Environmental changes in pre-evaporitic Late Miocene time in the Lorca Basin (SE Spain): diatom results
Th. Jurkschat, J. Fenner, R. Fischer, D. Michalzik, 2000. "Environmental changes in pre-evaporitic Late Miocene time in the Lorca Basin (SE Spain): diatom results", Climates: Past and Present, Malcolm B. Hart
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During the Late Miocene the Lorca Basin, which was an integrated part of the Betic Strait, underwent desiccation. The present investigation was completed to determine the response of the diatom flora to environmental changes before this event. Near the city of Lorca (Province of Murcia, SE Spain) the outcrop area around the Serrata ridge was studied and a stratigraphic section of 125 m has been measured and sampled (115 samples). The Serrata ridge is capped by a 25 m thick gypsum bed (Gypsum Member of the Serrata Formation). The profile below these gypsum layers comprises marl, sandstone, gypsum and partially laminated diatomite (Varied Member of the Serrata Formation). The frequency of radiolaria, siliceous sponge spicules, siticoflagellates, ebridians, diatoms and diatom species has been determined quantitatively. For the lower 87.5 m of the section, which contains sufficiently well preserved diatoms, an age of latest Miocene (6.6–5.3 Ma; Magnetic Epoch 6 and 5) can be assigned by the presence of the diatom species Asterolampra acutiloba and Nitzschia reinholdii, applying the stratigraphic ranges of the species used in the North and Equatorial Pacific and in the Atlantic. In total, 116 diatom species and species-groups have been identified. However, the number of species per sample varies only between 13 and 36 species (a minimum of 300 valves counted). This low diversity, together with a dominance of one species-group, Thalassionema nitzschioides (up to 80%), which tolerates considerable ecological changes (e.g. in salinity) indicate that environmental stress must have prevailed during the sedimentation of the Varied Member of the Serrata Formation. Abundance fluctuations of this species-group, as well as changes in the composition of the remaining diatom assemblage and decreases in abundances of the siliceous microfossil groups, reflect repeated periods of interruption of the still marine influenced deposits before the deposition of thick gypsum layers. Several repetitive changes are indicated, where each cycle is characterized by an increase in meroplanktonic species (e.g. Paralia sulcata, Actinoptychus senarius) and by a contemporary decrease in the holoplanktonic species towards the top, suggesting progressive environmental stress and a shallowing of the basin. Five of these cycles are clearly distinguished characterizing the initial stages of the evaporitic desiccation event in the Lorca Basin. Benthic diatoms are present only in low abundances (2–4%) and show no correlation with these fluctuations.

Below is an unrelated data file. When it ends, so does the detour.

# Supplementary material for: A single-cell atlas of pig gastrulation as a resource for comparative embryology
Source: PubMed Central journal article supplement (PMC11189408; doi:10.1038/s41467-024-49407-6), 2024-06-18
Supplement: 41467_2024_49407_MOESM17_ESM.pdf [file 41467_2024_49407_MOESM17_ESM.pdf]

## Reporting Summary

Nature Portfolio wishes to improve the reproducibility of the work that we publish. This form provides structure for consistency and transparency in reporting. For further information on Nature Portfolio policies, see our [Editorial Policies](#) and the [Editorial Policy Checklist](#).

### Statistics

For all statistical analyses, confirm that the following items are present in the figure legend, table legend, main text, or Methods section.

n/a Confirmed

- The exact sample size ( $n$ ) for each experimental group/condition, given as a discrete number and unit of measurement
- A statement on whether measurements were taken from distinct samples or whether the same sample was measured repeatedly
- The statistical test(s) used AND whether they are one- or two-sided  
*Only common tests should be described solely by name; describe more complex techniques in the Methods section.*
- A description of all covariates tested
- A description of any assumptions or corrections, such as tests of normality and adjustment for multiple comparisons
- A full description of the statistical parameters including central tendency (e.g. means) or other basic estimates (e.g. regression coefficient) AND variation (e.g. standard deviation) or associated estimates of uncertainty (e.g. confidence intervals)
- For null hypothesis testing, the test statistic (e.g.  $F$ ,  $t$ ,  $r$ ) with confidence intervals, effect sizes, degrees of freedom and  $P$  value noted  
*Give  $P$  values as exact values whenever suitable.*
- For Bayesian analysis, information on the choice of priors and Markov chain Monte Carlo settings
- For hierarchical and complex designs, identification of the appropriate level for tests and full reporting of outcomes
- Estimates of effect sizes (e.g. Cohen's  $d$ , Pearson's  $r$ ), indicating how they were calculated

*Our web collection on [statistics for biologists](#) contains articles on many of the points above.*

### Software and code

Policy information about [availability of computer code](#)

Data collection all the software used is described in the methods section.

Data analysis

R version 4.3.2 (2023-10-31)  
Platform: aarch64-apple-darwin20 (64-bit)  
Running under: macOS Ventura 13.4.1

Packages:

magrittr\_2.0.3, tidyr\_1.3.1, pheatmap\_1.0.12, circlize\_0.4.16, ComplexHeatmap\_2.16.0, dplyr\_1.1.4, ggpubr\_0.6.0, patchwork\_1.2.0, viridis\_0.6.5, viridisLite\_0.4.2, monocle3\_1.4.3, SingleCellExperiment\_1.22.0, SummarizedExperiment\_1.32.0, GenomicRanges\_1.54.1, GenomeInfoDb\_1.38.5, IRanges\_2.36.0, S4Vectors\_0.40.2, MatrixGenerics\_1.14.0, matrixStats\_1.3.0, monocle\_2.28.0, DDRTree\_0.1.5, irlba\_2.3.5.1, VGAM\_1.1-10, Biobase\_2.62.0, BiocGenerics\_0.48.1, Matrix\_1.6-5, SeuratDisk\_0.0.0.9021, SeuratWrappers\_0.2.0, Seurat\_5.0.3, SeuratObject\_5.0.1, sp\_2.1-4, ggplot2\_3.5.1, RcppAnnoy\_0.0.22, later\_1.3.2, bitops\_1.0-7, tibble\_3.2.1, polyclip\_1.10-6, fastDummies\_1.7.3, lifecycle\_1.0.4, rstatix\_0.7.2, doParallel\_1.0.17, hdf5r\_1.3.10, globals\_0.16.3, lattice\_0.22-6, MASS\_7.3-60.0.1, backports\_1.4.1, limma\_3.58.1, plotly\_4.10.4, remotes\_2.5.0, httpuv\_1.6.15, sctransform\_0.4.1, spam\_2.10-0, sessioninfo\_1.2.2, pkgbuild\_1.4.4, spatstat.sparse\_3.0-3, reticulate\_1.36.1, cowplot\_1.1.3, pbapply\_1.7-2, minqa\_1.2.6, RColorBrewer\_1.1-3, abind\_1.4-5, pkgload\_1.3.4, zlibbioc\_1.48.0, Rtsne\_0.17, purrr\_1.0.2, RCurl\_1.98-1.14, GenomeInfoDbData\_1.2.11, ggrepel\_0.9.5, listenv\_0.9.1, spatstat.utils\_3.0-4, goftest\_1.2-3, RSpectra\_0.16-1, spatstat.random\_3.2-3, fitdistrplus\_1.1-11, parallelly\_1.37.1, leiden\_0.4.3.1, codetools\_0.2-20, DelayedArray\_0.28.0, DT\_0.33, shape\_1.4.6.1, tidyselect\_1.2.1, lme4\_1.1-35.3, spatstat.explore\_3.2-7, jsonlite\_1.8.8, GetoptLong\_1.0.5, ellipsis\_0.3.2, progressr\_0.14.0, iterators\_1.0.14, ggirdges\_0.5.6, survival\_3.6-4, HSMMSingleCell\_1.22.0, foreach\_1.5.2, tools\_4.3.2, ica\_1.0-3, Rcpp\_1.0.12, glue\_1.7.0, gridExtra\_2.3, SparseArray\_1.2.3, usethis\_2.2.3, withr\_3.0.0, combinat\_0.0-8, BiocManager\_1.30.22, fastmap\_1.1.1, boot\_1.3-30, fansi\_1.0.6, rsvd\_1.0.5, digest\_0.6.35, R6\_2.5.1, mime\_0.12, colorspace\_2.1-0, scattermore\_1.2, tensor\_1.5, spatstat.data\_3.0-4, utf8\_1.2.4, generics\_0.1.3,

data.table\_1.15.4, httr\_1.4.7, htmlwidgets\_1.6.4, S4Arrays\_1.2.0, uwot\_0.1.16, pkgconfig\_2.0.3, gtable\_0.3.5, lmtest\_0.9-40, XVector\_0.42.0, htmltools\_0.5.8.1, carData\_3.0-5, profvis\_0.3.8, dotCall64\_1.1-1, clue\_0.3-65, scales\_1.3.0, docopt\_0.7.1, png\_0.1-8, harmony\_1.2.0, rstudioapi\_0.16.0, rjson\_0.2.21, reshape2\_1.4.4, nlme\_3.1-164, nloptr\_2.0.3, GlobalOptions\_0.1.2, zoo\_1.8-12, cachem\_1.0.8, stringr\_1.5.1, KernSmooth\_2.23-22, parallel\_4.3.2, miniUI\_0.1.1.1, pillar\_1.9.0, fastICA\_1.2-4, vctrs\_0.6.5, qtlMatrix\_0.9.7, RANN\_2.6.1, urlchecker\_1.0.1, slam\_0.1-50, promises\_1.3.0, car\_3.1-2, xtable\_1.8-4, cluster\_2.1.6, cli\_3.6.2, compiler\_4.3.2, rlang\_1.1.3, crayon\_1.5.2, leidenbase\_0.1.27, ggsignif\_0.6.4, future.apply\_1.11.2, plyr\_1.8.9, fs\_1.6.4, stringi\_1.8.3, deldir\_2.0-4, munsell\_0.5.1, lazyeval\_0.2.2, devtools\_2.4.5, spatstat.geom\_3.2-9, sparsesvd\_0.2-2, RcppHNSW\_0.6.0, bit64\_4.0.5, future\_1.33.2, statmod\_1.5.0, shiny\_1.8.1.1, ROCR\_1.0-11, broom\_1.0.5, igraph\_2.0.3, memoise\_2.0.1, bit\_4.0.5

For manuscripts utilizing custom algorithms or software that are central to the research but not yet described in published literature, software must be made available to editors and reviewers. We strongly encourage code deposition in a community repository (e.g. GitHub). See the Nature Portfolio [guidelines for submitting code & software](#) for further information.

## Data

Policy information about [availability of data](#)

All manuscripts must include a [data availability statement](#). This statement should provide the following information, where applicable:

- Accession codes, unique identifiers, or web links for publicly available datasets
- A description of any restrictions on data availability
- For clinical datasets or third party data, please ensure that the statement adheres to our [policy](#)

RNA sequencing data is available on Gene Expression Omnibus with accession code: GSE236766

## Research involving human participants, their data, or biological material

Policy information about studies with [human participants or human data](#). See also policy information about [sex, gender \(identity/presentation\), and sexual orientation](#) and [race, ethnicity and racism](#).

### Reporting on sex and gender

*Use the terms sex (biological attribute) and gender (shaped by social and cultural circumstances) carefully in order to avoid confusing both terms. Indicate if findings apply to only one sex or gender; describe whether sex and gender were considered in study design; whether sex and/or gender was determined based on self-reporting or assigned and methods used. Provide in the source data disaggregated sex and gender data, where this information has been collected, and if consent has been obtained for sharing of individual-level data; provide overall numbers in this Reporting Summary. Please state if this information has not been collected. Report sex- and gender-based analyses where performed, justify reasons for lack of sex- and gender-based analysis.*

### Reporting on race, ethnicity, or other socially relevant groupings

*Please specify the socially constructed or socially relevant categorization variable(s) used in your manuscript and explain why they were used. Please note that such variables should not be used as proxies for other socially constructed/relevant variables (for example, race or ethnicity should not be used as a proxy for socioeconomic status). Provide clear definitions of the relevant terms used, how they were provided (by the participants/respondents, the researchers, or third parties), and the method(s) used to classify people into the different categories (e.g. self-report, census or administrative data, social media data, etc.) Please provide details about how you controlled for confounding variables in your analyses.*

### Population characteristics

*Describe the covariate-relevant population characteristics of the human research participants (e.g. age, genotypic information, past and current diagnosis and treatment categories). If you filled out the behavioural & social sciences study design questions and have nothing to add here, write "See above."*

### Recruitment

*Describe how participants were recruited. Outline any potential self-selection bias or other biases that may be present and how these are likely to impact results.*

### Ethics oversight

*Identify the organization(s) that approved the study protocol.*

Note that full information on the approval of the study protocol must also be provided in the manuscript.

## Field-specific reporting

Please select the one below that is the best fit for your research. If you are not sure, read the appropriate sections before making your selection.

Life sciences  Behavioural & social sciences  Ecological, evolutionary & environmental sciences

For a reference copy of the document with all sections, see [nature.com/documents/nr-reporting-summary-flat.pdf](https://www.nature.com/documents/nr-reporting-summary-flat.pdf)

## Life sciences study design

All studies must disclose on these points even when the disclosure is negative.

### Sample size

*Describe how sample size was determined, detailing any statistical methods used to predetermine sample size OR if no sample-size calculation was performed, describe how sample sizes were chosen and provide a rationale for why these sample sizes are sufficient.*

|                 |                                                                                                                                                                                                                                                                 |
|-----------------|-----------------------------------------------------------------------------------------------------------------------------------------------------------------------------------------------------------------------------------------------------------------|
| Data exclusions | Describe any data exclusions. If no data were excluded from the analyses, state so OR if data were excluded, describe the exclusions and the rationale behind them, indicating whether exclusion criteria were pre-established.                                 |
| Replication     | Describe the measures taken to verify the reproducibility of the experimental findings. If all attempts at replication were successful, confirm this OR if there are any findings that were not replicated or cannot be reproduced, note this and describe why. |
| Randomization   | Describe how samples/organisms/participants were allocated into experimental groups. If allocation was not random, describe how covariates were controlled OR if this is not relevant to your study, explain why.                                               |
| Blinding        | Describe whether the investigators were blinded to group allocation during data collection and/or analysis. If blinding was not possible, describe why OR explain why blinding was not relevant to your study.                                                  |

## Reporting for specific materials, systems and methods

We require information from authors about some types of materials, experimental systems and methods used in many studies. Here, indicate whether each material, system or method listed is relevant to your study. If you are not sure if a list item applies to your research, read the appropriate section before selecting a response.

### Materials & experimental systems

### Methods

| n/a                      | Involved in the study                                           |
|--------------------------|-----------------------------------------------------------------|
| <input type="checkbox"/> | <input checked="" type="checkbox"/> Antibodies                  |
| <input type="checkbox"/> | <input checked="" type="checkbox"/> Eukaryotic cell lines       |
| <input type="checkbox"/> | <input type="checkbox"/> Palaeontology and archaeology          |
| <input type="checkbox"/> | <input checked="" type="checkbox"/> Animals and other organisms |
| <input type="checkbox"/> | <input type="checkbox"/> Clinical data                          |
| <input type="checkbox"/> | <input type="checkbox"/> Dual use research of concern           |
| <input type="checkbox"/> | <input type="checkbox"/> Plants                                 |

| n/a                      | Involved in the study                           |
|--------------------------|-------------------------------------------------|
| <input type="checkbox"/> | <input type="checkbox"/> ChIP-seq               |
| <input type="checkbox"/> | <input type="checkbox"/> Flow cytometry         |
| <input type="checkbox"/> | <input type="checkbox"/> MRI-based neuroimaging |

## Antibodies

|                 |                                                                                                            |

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The climate of the early Earth was probably very warm and has, in general, reduced since the Archean. However, it now seems that the world is about 0.6°C warmer than it was 100 years ago and estimates of the rate of global warming over the next century range from 0.16°C to 0.35°C per decade. Concurrently, global sea-level is predicted to rise from 2.4 to 10 cm per decade. These rates of change are much faster than those normally associated with the geological record, causing geologists and palaeontologists to reassess their data and their forecasts on rates of future change.
With the current interest in global climatic change and, more specifically, with global warming, it is clear that palaeontologists have valuable information to provide on the impacts of past climatic change. This volume contains papers from an international array of such geologists and palaeontologists, showing how studies of micro- and macrofossils, plant and vertebrate fossils from a range of geological ages have contributed to our understanding of how climate affects both local and more widespread areas. The contributions are arranged in geological order, ranging from the Permo-Carboniferous to the post-glacial recovery of the last 18,000 years, with an emphasis on climate change during the last two million years, particularly in NW Europe.
Climates: Past and Present will be of interest to palaeontologists, geologists and palaeoclimatologists who specialize in climatic reconstructions and any professionals enagaged in research into the geological aspects of climate change.